Hybrid capture and post-capture processing

Hybrid capture of the library pool on the MGS array was performed as per the Sequence Capture protocol (Roche NimbleGen Inc.), but with minor modifications. Briefly, a 4.8-μL solution containing 100 μg of Cot-1 DNA, 4 μg of amplified library pool DNA, and 100× molar excess of each universal PCR primer PE 1.0 and 2.0 (used as blocking oligonucleotides to reduce nonspecific hybridization resulting from annealing of only the PCR primer ends from noncomplementary target sequences) was added to 8 μL of 2× SC hybridization buffer and 3.2 μL of SC hybridization buffer Component A. The resulting 16-μL mixture was heated for 10 min at 95°C, equilibrated to 42°C, and loaded onto a custom 385K array (Roche NimbleGen Inc.). Following a 68-h hybridization period at 42°C with mixing in a MAUI Hybridization System chamber, the array was washed and the captured DNA was eluted with 125 mM NaOH, purified with a MinElute column (QIAGEN), and eluted in 25 μL of EB buffer. The captured DNA was PCR-amplified in five 50-μL replicate tubes with 3 μL of DNA template per tube. Amplification was performed as described in the PE sequencing protocol (Illumina Inc.), but for only 10 cycles. The amplified product was purified with 0.8 volumes of Ampure XP beads according to the manufacturer's instructions, re-suspended in a final volume of 30 μL of sterile water, and prepared for sequencing on the GA II sequencer.


Sequencing was performed as described by the manufacturer's protocols (Illumina Inc.). Samples were quantified for cluster generation using quantitative-PCR to improve cluster number targeting. These samples were sequenced using Version 2 cluster kits and Version 3 sequencing kits.

Alignment of sequence reads and genotype calling

Reads were aligned to the hg18 human reference genome using ELAND as part of the standard Pipeline Analysis v1.3.4 and v1.4.0 (Illumina Inc.). These versions of ELAND use a maximum of 32 bases of each read for alignment, and this maximum 32-base alignment was used for all three methods. Reads that failed the manufacturer's chastity filter were omitted. Sequence alignments and quality scores were passed to the MPG (Most Probable Genotype) program to call genotypes for every reference position at which there are aligned sequence reads. To be included, a read base must have a minimum phred-style base quality score of 20. The MPG algorithm is built on a Bayesian model that simulates sampling from one or two chromosomes with sequencing error and then calculates the likelihood of each possible genotype given the observed sequence data. Genotype predictions need an MPG score of at least 10 to be considered accurate.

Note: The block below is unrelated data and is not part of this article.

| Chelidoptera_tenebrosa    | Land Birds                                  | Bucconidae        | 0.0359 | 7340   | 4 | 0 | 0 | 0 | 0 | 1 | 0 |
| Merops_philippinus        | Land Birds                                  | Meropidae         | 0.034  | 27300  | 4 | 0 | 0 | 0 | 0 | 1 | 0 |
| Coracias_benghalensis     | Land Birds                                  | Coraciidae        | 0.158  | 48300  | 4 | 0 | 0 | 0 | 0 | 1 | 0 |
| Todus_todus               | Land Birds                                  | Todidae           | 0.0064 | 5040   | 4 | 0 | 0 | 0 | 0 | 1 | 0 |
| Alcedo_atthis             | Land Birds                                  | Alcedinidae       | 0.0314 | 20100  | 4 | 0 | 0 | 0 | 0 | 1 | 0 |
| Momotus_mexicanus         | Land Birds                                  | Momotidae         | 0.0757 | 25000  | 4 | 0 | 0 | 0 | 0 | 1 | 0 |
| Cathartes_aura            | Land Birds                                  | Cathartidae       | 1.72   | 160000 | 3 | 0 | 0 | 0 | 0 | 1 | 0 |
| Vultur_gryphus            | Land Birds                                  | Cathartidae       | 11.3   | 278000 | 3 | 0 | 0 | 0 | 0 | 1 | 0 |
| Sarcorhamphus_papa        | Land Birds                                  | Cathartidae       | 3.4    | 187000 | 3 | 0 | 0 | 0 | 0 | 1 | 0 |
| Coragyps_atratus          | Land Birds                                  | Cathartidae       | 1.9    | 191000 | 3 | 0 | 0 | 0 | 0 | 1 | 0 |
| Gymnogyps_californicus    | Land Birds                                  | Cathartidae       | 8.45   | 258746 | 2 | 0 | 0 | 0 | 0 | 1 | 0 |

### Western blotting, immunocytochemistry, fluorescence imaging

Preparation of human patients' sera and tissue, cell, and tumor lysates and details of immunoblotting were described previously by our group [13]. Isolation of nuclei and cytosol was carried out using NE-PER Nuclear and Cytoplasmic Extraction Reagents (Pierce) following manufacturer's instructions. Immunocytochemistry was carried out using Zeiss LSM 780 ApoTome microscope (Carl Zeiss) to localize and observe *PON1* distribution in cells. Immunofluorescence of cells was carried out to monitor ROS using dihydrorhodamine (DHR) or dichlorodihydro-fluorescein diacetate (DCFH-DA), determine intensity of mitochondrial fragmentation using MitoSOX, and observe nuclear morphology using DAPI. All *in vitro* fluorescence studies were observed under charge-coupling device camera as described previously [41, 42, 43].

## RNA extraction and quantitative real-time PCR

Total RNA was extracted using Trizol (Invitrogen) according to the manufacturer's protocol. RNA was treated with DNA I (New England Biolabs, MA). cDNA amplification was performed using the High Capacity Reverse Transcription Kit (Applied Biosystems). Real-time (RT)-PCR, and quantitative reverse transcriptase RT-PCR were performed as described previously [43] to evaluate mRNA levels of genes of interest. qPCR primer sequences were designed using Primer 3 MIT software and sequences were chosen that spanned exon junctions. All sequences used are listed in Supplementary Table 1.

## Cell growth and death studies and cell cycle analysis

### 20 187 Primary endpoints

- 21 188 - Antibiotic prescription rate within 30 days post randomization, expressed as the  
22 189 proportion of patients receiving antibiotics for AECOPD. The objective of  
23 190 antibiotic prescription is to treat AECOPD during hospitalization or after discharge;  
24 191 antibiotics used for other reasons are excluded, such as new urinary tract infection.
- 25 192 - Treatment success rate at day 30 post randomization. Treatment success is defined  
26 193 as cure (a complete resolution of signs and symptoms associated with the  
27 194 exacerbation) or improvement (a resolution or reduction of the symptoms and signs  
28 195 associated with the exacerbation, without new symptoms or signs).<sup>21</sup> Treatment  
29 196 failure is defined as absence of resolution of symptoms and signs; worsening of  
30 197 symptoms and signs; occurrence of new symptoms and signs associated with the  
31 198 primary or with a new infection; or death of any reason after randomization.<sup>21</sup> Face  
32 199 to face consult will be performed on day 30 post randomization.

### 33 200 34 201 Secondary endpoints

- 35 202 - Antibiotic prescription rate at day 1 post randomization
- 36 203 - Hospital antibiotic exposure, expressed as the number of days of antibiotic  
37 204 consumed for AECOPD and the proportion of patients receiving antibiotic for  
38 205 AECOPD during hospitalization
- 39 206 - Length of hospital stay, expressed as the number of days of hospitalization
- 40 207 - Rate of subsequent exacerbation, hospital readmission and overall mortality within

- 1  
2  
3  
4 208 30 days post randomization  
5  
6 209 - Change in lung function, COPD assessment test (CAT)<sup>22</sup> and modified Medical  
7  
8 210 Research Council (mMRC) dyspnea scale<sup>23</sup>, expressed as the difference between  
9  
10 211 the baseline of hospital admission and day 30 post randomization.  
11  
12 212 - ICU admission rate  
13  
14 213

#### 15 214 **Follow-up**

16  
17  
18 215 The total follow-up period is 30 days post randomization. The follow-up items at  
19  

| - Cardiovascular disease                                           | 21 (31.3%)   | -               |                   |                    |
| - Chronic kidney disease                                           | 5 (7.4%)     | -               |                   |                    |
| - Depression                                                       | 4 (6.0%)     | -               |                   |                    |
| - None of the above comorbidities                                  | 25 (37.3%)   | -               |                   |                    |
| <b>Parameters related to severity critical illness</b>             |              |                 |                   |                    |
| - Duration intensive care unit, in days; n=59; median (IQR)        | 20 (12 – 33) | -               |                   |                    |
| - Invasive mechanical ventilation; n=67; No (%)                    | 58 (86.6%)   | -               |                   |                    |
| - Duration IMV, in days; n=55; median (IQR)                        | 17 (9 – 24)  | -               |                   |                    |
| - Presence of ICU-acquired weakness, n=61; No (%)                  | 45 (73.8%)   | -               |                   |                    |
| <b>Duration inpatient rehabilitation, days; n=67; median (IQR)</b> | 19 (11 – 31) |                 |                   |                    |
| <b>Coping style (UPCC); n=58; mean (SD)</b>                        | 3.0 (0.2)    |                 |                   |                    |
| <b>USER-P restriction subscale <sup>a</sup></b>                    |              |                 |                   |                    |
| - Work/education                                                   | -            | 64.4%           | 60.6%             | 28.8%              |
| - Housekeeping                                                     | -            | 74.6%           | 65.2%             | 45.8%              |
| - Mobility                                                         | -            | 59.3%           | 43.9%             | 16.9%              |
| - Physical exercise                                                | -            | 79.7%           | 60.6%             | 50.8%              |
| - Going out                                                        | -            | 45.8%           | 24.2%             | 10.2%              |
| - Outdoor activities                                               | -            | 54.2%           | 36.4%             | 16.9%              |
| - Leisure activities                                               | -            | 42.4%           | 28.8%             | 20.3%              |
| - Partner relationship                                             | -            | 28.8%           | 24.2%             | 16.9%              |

See Supplemental Methods for further details.


This study was supported by the Intramural Research Program of the National Human Genome Research Institute. We express our gratitude to Darryl Leja for his assistance with figure preparation. We thank Agilent Technologies for providing SureSelect probes and Illumina Inc. for genotyping data from the Infinium Human 1Mv1.0 BeadChip. We also thank Emily Turner and Jay Shendure at the University of Washington and Sheila Fisher and Chad Nussbaum at the Broad Institute for ongoing discussions relating to MIP and SHS, respectively. We also thank several individuals for their help with MGS: Kari Kubalanza for technical assistance with the pilot study, Narisu Narisu for help with interim analyses, and Mike Erdos for ongoing discussions.


[Supplemental material is available online at http://www.genome.org. The sequence data from this study have been submitted to the NCBI Sequence Read Archive (http://www.ncbi.nlm.nih.gov/Traces/sra/sra.cgi) under accession no. SRA022076. Bam2mpg is freely available at http://research.nhgri.nih.gov/software/bam2mpg.]

Article published online before print. Article and publication date are at http://www.genome.org/cgi/doi/10.1101/gr.106716.110.